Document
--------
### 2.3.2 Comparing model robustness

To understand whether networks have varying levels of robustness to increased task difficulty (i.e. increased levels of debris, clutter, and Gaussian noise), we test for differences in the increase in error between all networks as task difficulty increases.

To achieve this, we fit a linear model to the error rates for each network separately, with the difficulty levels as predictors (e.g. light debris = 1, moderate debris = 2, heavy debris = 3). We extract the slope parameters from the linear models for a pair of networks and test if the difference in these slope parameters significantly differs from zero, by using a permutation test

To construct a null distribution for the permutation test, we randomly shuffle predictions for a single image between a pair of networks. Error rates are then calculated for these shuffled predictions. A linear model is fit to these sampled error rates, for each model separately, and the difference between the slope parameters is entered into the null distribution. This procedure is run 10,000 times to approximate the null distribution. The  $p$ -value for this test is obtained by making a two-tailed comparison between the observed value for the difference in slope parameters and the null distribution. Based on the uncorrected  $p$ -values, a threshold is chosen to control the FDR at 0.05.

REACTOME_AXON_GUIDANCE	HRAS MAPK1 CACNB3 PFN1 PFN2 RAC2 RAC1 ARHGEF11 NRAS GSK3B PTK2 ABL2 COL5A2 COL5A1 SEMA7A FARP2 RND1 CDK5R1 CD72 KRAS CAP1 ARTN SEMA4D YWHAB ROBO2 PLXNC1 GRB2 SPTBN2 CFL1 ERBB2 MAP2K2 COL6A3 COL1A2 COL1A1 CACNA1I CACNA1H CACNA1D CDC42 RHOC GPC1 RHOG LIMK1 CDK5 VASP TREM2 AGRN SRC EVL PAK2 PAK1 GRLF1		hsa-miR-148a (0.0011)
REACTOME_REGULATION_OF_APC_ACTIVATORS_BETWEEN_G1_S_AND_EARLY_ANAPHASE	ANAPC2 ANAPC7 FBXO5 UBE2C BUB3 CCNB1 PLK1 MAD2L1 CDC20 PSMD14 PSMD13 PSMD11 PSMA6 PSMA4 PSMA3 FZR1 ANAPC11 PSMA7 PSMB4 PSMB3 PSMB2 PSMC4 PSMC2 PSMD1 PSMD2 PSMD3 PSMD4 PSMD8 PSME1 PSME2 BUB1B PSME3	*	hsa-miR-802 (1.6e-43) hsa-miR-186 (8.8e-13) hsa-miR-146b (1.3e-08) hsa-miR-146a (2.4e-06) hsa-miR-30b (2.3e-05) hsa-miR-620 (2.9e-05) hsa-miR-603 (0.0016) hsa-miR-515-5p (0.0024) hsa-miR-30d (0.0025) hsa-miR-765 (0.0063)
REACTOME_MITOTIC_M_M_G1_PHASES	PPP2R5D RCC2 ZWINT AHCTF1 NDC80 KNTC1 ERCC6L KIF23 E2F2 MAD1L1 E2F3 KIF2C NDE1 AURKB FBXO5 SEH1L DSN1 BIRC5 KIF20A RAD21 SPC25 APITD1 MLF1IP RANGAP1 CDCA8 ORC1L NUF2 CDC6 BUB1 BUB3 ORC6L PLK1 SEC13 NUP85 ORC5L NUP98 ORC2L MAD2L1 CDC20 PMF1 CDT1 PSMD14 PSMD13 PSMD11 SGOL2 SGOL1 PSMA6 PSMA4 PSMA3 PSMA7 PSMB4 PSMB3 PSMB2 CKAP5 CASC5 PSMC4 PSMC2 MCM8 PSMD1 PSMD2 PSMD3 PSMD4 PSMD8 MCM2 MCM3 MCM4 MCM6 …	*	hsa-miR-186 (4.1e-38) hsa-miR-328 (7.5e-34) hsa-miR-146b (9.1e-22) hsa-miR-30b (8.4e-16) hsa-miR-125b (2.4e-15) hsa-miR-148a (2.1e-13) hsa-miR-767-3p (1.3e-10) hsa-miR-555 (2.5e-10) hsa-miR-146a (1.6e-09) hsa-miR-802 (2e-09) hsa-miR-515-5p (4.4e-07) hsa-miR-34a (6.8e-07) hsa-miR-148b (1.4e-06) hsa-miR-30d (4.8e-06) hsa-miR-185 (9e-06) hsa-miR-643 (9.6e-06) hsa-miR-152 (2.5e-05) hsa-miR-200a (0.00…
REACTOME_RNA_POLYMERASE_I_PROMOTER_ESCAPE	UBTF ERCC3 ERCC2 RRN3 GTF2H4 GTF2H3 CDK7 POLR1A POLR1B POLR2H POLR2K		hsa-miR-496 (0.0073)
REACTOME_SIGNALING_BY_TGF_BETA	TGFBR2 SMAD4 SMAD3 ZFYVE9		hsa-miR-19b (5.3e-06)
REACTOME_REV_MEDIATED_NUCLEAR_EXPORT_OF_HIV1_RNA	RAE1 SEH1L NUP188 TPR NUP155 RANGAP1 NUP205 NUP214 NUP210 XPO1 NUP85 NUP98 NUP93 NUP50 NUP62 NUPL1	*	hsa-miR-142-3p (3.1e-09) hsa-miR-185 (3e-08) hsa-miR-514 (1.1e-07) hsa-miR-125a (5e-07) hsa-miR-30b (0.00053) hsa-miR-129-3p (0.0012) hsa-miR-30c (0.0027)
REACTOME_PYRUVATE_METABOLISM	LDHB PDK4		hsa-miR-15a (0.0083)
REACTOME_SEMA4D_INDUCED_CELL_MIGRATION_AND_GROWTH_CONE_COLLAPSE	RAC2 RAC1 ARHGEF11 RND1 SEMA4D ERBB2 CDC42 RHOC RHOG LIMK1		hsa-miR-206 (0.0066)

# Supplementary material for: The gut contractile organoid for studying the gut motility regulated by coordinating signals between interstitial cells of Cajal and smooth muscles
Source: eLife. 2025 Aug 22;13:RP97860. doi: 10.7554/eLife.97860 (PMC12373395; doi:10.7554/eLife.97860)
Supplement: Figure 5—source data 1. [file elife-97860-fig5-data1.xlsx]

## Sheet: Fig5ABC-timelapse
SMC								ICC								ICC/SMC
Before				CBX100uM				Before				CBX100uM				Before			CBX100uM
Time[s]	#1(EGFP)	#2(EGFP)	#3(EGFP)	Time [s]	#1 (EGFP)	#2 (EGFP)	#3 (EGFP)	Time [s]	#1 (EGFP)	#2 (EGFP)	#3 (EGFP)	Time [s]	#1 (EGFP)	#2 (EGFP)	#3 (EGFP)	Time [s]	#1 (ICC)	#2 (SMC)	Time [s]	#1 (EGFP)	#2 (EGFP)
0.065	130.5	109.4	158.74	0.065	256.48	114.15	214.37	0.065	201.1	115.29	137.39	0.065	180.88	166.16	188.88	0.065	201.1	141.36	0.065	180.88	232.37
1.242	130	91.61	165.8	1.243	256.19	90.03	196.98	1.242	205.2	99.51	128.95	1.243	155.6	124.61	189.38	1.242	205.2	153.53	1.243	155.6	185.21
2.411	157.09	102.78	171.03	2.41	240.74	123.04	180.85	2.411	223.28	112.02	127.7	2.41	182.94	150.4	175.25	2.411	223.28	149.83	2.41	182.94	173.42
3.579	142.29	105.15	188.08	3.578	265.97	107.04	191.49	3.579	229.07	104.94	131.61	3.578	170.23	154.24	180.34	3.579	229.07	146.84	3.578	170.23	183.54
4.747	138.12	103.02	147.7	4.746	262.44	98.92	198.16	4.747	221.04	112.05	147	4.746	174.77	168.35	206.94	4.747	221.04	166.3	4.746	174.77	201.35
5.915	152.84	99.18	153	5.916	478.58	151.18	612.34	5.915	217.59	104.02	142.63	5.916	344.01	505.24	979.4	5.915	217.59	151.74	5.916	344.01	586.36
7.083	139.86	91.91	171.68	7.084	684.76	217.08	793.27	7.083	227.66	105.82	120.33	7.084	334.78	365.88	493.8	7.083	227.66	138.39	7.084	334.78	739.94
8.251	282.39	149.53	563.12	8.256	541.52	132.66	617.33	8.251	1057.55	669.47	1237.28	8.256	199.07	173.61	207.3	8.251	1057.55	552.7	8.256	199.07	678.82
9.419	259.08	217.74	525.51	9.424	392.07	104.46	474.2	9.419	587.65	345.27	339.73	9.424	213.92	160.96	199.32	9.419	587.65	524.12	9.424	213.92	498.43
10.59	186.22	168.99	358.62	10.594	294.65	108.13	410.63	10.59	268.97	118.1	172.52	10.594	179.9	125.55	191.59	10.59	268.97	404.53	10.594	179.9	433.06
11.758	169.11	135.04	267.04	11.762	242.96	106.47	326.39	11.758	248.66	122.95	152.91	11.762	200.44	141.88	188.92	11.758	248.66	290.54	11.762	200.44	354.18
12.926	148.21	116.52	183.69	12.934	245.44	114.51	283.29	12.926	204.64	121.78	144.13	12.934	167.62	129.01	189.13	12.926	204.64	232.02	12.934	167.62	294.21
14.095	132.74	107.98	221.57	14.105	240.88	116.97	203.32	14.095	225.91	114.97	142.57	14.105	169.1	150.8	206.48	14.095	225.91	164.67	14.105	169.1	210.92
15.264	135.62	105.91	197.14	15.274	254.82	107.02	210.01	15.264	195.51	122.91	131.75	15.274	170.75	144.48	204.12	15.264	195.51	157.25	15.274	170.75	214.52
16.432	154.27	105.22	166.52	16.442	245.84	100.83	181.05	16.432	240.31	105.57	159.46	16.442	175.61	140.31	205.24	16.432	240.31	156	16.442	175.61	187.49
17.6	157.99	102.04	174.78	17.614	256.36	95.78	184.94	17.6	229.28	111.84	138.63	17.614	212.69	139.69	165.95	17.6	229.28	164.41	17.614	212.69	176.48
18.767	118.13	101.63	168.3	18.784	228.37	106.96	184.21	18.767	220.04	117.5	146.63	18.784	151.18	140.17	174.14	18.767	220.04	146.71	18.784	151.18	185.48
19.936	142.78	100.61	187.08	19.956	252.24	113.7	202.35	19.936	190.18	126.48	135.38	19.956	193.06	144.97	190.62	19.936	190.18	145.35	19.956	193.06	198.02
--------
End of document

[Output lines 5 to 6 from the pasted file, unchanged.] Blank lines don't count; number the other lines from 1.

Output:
REACTOME_AXON_GUIDANCE	HRAS MAPK1 CACNB3 PFN1 PFN2 RAC2 RAC1 ARHGEF11 NRAS GSK3B PTK2 ABL2 COL5A2 COL5A1 SEMA7A FARP2 RND1 CDK5R1 CD72 KRAS CAP1 ARTN SEMA4D YWHAB ROBO2 PLXNC1 GRB2 SPTBN2 CFL1 ERBB2 MAP2K2 COL6A3 COL1A2 COL1A1 CACNA1I CACNA1H CACNA1D CDC42 RHOC GPC1 RHOG LIMK1 CDK5 VASP TREM2 AGRN SRC EVL PAK2 PAK1 GRLF1		hsa-miR-148a (0.0011)
REACTOME_REGULATION_OF_APC_ACTIVATORS_BETWEEN_G1_S_AND_EARLY_ANAPHASE	ANAPC2 ANAPC7 FBXO5 UBE2C BUB3 CCNB1 PLK1 MAD2L1 CDC20 PSMD14 PSMD13 PSMD11 PSMA6 PSMA4 PSMA3 FZR1 ANAPC11 PSMA7 PSMB4 PSMB3 PSMB2 PSMC4 PSMC2 PSMD1 PSMD2 PSMD3 PSMD4 PSMD8 PSME1 PSME2 BUB1B PSME3	*	hsa-miR-802 (1.6e-43) hsa-miR-186 (8.8e-13) hsa-miR-146b (1.3e-08) hsa-miR-146a (2.4e-06) hsa-miR-30b (2.3e-05) hsa-miR-620 (2.9e-05) hsa-miR-603 (0.0016) hsa-miR-515-5p (0.0024) hsa-miR-30d (0.0025) hsa-miR-765 (0.0063)